For all news and updates:

www.caseykelleher.co.uk

www.facebook.com/officialcaseykelleher

http://caseykelleher.wordpress.com

Twitter: @caseykelleher

Ellen’s Review:

This gritty thriller starts with a punch and then the tension is carried on through until the last page. I am not usually a fan of this genre but the writing style caught me up into the lives of Colleen and Jimmy alongside their mothers Edel and Joanie. Although Jimmy is the top dog of crime in his local area I would say that Joanie held a lot of the power and was pulling the strings behind the scenes. This was made apparent after the events of Colleen and Jimmy’s marriage; Joanie’s behaviour is abhorrent, she is such a cow-bag and that is putting it politely!! It is obvious that no one would ever be good enough for her golden boy Jimmy and she is willing to go to any lengths to exert her power over her weaker willed daughter in law who has entered into this relationship without a clue about its dark heart.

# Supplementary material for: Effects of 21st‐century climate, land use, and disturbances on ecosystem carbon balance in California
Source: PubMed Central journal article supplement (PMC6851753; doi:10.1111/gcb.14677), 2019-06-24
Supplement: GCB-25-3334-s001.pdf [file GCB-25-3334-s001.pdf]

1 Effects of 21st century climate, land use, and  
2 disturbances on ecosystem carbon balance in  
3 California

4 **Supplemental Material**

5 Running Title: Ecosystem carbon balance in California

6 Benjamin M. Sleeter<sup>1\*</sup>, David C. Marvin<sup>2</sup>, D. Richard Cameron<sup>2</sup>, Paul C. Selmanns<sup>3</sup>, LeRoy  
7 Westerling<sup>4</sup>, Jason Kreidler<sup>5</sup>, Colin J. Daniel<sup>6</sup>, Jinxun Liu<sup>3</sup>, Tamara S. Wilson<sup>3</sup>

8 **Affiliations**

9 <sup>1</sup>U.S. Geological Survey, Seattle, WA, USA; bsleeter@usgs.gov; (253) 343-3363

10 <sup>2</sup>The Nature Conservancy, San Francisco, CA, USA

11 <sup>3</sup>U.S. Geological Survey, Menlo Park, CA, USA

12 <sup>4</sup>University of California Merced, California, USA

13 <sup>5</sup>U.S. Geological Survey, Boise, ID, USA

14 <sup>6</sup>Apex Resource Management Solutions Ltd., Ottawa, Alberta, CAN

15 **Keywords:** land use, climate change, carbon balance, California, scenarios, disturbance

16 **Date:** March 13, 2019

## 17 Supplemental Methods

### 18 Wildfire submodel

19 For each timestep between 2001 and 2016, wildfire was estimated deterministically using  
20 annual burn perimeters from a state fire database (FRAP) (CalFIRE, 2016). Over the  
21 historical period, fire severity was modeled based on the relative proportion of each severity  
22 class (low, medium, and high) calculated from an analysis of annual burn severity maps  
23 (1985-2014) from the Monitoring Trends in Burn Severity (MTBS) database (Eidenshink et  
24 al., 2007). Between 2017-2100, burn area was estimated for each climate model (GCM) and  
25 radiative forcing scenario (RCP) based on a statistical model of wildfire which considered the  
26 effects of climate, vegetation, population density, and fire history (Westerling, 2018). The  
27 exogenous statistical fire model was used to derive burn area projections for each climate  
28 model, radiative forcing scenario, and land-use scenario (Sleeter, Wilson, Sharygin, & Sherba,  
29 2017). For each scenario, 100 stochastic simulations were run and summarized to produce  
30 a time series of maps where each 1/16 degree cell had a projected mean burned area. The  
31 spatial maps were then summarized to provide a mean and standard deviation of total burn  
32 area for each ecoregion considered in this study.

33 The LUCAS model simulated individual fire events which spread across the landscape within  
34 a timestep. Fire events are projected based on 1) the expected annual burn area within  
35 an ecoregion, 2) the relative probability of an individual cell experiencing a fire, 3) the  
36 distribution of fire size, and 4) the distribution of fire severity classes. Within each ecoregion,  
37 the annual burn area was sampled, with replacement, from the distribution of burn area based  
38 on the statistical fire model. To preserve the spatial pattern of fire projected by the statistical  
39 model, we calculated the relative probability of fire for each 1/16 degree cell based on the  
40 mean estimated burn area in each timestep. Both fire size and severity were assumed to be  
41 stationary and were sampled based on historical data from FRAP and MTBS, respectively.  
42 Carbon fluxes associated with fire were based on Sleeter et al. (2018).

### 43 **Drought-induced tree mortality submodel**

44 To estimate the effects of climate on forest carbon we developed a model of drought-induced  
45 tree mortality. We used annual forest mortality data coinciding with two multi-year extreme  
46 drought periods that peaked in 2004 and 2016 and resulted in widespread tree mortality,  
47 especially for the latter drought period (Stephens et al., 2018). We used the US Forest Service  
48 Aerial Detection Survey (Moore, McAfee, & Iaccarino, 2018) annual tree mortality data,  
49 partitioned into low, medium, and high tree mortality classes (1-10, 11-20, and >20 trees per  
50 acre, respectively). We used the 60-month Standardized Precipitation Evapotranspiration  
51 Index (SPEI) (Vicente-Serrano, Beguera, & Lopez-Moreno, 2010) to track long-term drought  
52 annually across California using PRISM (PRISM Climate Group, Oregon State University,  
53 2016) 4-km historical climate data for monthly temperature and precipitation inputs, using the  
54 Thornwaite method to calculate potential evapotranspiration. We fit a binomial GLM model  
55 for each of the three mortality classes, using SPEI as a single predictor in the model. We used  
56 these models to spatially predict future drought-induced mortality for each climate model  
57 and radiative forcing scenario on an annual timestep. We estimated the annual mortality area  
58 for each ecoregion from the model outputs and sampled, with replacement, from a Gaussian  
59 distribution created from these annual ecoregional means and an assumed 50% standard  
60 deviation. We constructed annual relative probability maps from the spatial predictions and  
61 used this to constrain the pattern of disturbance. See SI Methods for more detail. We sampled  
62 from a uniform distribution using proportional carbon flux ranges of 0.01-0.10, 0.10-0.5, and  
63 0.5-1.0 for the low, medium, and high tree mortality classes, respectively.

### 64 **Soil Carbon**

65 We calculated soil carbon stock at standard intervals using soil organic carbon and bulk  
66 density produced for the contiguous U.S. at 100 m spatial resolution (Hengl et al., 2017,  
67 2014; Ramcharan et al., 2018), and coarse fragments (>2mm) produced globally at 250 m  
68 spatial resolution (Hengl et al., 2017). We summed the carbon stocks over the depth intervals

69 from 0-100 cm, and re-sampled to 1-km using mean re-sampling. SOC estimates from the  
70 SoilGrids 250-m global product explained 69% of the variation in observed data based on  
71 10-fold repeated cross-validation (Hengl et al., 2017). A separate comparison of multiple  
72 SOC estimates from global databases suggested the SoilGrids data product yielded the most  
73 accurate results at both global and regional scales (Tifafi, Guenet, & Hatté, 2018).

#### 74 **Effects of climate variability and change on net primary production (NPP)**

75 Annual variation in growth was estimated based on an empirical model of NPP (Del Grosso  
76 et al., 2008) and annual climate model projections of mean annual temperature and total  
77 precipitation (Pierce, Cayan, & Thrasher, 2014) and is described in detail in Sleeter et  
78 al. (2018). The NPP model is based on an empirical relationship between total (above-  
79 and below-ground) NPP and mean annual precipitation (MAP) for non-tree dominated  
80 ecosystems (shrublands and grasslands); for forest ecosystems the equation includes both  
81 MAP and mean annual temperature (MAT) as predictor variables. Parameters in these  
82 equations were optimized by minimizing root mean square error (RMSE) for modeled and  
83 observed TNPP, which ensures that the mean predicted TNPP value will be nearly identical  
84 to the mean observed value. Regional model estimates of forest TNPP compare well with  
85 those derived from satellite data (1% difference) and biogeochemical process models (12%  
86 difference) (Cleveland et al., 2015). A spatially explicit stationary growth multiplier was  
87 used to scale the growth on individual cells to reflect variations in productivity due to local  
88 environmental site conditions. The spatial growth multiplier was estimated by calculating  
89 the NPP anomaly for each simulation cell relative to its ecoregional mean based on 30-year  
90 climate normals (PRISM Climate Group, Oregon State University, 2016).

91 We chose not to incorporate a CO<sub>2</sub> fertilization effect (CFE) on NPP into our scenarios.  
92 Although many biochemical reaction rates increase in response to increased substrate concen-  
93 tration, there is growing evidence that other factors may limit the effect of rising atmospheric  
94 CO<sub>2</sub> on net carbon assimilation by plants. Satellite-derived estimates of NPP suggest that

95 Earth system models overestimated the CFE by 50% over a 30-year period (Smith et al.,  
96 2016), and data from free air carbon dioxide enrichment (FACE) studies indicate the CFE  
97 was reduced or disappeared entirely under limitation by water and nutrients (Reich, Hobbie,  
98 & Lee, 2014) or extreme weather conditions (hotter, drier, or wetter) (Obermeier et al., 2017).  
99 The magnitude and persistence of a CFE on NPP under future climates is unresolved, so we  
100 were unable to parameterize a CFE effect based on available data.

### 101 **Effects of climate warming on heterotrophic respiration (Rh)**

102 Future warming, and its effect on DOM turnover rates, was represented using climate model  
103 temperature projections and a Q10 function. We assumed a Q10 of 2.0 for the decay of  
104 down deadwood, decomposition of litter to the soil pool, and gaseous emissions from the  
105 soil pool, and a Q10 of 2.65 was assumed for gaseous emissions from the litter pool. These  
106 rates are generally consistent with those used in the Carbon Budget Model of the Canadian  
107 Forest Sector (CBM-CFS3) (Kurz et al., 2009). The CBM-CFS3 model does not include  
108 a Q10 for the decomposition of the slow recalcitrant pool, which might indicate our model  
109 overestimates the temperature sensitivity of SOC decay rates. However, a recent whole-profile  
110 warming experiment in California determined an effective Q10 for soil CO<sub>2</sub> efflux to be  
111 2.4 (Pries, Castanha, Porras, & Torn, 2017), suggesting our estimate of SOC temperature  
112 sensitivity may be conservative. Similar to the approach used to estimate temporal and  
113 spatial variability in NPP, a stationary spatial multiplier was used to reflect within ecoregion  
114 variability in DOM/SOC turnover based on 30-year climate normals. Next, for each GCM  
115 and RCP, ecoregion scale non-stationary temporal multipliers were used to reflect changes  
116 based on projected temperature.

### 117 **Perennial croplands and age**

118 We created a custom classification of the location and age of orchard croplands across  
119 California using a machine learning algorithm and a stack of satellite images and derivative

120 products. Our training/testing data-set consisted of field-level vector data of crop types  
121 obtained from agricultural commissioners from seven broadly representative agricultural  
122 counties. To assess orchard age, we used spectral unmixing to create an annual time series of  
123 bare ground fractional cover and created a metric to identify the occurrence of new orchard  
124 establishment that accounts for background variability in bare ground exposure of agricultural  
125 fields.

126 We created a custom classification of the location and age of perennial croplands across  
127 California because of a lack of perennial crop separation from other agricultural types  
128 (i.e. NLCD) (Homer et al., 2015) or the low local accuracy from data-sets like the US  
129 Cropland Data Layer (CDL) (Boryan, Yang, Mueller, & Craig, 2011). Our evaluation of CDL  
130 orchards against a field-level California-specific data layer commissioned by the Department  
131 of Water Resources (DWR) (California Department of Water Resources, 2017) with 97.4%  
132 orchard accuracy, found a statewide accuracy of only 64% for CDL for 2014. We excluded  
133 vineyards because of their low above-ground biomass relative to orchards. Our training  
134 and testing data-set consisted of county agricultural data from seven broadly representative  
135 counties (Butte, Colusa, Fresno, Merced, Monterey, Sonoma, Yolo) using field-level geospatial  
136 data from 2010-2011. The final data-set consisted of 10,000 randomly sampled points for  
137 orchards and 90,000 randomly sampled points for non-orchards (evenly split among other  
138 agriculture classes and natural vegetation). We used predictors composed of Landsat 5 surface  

I felt really sorry for Colleen as she slowly had her spirit stripped away by the Byrne family. It was awful to witness her heartbreak and mental breakdown and the thought that even her own flesh and blood thought nothing of her really got to me. Colleen seemed the polar opposite of Jimmy and I kept hoping that she would rediscover some of her old fire and fight back against the old battle-axe mother in law! Her own mother Edel was a delight to read even if her radar for a suitable suitor for her precious daughter was slightly off.

 

The Betrayed features a web of lies and deceit and at its centre sits the Byrne family weaving their own brand of truth and justice in the East End of London.  This is the first book of Casey Kelleher’s that I have read but I look forward to more, especially to find out what happens where this story ended. Four stars.